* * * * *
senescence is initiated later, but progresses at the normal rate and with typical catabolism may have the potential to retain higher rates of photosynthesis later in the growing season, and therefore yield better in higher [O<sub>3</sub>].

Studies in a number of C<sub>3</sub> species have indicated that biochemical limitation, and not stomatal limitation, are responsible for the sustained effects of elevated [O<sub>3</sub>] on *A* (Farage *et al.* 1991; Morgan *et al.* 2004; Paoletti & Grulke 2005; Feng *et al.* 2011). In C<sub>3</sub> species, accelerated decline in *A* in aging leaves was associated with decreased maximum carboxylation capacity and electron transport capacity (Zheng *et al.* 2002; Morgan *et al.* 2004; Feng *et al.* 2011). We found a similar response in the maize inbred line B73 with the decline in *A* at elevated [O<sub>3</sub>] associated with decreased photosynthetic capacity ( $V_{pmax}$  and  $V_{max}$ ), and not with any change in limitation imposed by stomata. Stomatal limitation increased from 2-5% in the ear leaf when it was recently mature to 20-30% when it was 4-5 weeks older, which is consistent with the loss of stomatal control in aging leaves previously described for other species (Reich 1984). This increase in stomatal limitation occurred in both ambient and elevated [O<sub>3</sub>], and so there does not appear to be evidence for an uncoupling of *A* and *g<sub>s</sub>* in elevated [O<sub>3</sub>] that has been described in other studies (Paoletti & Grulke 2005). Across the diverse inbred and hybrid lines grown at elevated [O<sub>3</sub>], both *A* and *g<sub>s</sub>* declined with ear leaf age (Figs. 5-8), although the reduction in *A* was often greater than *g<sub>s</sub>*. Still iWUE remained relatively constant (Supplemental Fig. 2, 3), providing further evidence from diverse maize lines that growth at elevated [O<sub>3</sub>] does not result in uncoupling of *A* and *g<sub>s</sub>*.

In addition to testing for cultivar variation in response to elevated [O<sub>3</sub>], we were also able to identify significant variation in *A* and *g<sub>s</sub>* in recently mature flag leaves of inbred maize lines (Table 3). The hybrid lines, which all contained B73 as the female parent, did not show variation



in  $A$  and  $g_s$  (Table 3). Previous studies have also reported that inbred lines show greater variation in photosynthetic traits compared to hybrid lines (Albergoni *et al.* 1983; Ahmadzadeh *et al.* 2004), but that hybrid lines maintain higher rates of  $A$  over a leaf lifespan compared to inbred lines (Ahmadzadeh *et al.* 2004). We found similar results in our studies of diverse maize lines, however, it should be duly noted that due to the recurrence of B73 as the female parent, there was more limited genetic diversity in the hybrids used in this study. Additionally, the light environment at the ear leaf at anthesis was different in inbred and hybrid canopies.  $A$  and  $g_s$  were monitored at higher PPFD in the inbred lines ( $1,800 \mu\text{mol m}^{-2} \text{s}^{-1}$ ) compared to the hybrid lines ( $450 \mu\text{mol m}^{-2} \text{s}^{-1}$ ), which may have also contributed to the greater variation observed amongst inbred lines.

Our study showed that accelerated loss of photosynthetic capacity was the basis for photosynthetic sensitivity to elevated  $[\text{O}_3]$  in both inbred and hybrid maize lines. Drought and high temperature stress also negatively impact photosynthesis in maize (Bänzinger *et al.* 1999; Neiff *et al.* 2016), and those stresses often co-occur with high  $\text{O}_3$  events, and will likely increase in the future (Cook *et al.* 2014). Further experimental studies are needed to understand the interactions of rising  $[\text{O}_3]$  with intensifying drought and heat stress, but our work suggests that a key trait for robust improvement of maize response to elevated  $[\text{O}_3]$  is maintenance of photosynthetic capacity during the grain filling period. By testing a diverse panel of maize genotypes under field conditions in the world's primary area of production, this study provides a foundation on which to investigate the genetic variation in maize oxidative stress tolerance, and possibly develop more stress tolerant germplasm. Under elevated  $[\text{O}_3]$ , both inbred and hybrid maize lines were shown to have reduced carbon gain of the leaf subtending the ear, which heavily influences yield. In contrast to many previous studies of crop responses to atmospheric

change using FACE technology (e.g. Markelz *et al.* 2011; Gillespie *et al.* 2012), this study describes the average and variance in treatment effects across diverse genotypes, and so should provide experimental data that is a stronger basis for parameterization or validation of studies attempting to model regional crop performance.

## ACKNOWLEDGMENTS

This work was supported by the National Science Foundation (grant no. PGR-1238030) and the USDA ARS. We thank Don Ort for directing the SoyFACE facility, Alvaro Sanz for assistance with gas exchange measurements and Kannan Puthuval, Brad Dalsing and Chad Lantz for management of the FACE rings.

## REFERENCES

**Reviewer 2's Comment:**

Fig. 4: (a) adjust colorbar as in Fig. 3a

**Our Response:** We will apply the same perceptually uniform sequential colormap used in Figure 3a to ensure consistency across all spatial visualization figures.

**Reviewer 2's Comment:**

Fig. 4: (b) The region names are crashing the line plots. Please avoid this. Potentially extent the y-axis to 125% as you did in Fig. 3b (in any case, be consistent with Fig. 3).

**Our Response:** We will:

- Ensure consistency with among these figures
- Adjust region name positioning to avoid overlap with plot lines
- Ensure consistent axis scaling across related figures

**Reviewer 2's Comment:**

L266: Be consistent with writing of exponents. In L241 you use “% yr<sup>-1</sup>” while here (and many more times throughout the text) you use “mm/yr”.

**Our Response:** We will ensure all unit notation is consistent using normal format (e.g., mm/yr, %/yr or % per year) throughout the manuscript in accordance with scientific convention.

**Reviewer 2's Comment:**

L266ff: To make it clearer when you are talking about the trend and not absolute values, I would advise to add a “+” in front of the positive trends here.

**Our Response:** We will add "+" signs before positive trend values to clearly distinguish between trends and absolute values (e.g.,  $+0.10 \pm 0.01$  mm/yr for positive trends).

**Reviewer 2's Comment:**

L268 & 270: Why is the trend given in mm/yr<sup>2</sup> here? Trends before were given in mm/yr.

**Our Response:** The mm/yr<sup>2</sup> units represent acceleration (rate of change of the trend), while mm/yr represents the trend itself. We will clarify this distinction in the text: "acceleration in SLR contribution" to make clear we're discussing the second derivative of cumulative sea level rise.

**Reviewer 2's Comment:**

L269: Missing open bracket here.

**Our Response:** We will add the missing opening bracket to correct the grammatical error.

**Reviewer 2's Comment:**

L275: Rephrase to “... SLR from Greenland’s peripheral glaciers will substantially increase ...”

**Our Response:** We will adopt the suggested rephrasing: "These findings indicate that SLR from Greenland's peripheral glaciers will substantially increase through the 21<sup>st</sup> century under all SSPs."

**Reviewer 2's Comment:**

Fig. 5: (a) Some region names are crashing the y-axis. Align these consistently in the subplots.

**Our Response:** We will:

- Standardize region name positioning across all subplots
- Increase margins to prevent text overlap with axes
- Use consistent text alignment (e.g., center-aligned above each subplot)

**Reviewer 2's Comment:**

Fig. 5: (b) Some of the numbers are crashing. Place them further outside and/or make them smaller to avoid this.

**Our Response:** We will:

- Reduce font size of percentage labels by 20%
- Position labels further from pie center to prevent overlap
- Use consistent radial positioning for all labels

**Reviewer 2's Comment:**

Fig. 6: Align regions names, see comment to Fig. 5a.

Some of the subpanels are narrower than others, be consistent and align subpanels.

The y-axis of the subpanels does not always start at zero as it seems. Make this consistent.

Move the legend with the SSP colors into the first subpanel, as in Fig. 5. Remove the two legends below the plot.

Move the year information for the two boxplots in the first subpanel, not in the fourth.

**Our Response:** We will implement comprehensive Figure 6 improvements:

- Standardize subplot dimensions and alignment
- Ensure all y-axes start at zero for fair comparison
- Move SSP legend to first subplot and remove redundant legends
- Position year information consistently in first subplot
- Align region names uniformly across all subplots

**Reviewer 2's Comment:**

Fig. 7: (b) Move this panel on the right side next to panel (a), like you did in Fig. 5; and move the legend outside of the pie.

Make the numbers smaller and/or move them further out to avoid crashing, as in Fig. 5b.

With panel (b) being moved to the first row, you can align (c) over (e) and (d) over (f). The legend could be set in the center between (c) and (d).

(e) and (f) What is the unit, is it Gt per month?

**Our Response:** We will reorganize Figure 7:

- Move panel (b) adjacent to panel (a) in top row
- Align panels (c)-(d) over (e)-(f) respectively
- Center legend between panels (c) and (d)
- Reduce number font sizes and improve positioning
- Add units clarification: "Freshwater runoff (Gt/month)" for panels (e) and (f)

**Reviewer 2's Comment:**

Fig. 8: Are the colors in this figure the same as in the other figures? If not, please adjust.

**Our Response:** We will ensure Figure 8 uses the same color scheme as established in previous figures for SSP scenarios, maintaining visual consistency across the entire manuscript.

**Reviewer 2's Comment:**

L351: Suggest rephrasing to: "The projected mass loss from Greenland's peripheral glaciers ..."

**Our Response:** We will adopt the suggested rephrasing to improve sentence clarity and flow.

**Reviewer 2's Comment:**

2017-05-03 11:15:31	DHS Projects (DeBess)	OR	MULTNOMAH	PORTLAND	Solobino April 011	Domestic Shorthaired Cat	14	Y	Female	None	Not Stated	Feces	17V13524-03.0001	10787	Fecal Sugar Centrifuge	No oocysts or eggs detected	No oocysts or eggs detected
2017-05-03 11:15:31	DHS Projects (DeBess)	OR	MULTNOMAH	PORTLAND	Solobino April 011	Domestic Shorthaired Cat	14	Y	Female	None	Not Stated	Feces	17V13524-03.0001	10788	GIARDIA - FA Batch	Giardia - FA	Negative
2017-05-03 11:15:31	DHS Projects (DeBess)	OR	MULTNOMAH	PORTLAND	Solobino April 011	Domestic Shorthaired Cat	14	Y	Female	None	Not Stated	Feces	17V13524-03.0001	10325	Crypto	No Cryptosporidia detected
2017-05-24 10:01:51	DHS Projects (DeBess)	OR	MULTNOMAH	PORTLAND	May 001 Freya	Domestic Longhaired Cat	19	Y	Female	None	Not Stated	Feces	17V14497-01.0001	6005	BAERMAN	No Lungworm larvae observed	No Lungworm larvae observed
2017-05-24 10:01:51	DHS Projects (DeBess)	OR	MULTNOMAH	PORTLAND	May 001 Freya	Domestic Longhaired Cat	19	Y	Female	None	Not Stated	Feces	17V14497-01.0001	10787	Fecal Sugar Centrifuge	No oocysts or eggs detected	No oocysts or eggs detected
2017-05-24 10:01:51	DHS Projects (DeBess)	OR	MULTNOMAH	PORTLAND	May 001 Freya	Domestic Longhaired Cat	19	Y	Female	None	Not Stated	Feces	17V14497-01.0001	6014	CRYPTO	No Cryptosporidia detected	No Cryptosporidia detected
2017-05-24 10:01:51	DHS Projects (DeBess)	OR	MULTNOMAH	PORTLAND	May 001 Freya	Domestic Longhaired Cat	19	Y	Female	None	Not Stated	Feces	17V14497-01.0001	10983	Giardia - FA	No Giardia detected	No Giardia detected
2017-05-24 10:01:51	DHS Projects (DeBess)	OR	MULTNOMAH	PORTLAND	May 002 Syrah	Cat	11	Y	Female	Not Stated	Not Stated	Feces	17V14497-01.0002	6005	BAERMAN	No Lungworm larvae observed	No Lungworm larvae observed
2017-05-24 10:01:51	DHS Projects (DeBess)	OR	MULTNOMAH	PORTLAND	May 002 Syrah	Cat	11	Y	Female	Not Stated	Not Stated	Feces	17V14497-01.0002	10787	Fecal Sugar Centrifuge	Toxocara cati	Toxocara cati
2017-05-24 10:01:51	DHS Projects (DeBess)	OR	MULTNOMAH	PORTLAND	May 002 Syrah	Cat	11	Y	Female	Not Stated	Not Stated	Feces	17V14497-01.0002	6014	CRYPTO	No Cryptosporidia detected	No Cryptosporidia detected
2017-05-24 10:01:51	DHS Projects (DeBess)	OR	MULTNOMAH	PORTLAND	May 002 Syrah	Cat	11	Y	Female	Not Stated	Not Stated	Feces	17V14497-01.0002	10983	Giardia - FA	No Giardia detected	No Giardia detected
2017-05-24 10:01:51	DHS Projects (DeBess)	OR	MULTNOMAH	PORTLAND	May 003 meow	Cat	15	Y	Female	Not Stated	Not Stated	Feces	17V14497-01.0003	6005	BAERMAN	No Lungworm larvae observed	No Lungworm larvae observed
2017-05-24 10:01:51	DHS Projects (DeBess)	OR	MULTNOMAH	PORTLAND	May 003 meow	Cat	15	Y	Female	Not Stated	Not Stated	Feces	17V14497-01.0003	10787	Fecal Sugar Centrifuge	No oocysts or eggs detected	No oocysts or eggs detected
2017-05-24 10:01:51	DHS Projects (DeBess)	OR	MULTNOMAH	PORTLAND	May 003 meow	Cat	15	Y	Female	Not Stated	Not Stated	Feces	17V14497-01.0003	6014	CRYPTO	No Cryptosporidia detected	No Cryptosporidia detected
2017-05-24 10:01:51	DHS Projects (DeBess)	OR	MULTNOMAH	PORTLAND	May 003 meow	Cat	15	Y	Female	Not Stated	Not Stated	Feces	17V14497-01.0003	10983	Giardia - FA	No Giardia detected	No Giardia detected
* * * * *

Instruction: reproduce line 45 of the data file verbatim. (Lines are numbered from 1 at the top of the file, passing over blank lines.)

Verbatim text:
- Use consistent radial positioning for all labels